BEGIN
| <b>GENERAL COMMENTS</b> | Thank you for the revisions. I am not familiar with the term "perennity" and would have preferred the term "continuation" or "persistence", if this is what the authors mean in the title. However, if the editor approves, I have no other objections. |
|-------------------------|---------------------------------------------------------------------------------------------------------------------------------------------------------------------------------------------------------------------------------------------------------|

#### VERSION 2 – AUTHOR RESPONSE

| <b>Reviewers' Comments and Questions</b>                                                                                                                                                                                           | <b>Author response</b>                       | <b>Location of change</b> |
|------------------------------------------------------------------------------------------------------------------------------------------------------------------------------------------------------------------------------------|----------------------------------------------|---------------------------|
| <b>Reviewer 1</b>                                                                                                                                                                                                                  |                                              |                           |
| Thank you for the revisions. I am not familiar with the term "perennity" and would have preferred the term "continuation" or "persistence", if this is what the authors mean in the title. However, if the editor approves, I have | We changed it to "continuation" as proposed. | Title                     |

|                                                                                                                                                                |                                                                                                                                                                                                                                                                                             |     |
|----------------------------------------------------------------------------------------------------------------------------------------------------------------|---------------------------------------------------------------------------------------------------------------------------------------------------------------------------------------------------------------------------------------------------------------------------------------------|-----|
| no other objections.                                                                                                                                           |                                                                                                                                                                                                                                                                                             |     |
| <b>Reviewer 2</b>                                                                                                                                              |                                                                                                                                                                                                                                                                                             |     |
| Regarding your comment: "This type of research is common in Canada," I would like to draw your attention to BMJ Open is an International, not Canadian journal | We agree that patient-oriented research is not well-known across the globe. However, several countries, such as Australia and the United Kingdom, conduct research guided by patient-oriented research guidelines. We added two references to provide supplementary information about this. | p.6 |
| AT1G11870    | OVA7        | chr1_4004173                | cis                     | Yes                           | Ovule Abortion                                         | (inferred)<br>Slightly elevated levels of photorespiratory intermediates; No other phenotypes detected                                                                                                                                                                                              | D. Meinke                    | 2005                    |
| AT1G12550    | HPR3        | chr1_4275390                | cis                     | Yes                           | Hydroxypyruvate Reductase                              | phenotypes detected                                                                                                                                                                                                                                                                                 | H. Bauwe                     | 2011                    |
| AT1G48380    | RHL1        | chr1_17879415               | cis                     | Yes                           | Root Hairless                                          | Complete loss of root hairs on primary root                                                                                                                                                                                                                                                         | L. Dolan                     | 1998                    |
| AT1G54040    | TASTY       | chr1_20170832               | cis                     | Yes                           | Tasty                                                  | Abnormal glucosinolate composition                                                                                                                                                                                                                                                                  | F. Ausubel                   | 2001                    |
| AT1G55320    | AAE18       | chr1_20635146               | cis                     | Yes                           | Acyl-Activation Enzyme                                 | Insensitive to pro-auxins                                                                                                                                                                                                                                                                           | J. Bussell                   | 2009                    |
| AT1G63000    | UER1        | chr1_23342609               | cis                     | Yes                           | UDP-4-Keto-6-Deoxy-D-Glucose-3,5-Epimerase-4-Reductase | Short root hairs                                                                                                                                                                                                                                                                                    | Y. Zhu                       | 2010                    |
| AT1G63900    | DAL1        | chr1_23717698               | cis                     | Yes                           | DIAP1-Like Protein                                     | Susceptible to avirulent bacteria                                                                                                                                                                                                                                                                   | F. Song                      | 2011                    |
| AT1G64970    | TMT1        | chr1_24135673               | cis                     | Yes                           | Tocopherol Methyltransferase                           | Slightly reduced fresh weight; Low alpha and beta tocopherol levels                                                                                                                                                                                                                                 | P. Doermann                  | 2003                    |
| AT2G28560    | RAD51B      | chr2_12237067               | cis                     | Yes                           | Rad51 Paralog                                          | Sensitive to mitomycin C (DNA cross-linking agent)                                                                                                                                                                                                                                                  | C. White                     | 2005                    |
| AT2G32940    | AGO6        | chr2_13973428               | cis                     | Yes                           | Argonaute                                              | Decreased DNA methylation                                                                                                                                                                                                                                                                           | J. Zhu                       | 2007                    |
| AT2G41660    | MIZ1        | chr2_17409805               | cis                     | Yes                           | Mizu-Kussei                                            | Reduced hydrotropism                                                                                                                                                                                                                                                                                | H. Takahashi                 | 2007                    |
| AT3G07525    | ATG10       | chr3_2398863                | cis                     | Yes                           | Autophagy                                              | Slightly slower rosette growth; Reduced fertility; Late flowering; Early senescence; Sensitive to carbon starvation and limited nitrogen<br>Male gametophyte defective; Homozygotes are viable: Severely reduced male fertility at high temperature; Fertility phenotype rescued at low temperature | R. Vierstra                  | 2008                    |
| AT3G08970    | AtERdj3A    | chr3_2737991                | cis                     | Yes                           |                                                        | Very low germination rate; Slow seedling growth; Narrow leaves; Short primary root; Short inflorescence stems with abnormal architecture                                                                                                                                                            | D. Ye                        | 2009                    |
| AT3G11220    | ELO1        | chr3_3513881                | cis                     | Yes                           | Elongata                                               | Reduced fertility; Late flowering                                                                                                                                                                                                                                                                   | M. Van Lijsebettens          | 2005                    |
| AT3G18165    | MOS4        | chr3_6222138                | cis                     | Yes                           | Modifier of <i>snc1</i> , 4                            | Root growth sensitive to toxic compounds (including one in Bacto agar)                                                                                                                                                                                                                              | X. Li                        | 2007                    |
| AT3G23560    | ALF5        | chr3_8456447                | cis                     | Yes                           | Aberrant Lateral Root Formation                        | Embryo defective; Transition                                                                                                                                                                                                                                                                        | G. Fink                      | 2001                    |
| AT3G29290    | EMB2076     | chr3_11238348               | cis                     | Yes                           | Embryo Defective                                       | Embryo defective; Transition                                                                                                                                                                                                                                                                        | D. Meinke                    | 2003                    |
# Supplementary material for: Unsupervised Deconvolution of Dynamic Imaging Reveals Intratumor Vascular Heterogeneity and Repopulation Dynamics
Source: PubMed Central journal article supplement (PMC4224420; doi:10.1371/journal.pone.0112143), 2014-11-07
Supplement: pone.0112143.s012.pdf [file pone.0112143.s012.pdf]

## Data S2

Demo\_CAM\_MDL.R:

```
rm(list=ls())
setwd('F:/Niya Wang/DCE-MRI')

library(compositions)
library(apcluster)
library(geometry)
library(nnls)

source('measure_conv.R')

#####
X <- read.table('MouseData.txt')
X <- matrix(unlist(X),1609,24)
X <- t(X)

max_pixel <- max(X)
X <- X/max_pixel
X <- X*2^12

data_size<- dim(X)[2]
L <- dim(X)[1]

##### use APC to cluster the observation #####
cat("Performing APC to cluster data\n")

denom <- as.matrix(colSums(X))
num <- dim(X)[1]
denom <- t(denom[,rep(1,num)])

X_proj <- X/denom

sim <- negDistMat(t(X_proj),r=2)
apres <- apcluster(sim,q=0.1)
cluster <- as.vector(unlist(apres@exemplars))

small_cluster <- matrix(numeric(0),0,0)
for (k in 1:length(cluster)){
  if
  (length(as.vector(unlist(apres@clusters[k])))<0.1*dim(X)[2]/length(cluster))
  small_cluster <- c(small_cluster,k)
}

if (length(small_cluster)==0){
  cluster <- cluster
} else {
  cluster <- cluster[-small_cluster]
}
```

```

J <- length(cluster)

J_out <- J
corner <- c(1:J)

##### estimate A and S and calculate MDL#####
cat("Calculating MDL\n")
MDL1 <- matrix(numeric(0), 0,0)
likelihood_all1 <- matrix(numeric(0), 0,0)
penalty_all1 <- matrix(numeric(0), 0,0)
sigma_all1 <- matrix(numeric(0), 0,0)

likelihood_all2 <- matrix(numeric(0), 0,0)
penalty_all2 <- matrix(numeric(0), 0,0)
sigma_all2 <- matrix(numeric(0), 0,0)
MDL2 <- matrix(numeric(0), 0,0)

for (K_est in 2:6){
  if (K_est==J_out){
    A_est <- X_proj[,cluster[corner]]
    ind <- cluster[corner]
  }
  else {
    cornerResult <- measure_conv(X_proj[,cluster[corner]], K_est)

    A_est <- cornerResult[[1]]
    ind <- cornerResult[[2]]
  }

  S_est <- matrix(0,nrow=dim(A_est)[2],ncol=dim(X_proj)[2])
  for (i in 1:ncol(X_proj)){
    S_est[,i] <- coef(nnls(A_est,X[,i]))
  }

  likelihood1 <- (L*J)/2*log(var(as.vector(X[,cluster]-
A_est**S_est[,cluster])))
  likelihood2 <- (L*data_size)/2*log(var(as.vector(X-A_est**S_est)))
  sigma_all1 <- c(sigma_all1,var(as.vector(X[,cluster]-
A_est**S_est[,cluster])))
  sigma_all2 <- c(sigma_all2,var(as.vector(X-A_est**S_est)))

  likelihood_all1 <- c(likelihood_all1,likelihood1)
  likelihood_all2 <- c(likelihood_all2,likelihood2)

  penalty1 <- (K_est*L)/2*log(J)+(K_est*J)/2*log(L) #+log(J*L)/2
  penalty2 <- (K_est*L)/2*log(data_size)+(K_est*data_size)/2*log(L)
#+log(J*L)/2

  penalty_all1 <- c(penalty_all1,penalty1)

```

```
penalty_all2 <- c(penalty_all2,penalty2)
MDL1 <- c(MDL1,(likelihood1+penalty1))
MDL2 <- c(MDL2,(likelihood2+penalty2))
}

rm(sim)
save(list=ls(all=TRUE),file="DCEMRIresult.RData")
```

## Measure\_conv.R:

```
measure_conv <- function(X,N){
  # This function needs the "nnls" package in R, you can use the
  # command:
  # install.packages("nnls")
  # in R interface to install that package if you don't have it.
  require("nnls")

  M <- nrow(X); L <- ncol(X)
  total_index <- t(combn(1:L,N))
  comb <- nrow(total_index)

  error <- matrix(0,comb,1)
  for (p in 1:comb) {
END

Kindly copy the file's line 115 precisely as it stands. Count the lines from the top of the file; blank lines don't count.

penalty_all2 <- c(penalty_all2,penalty2)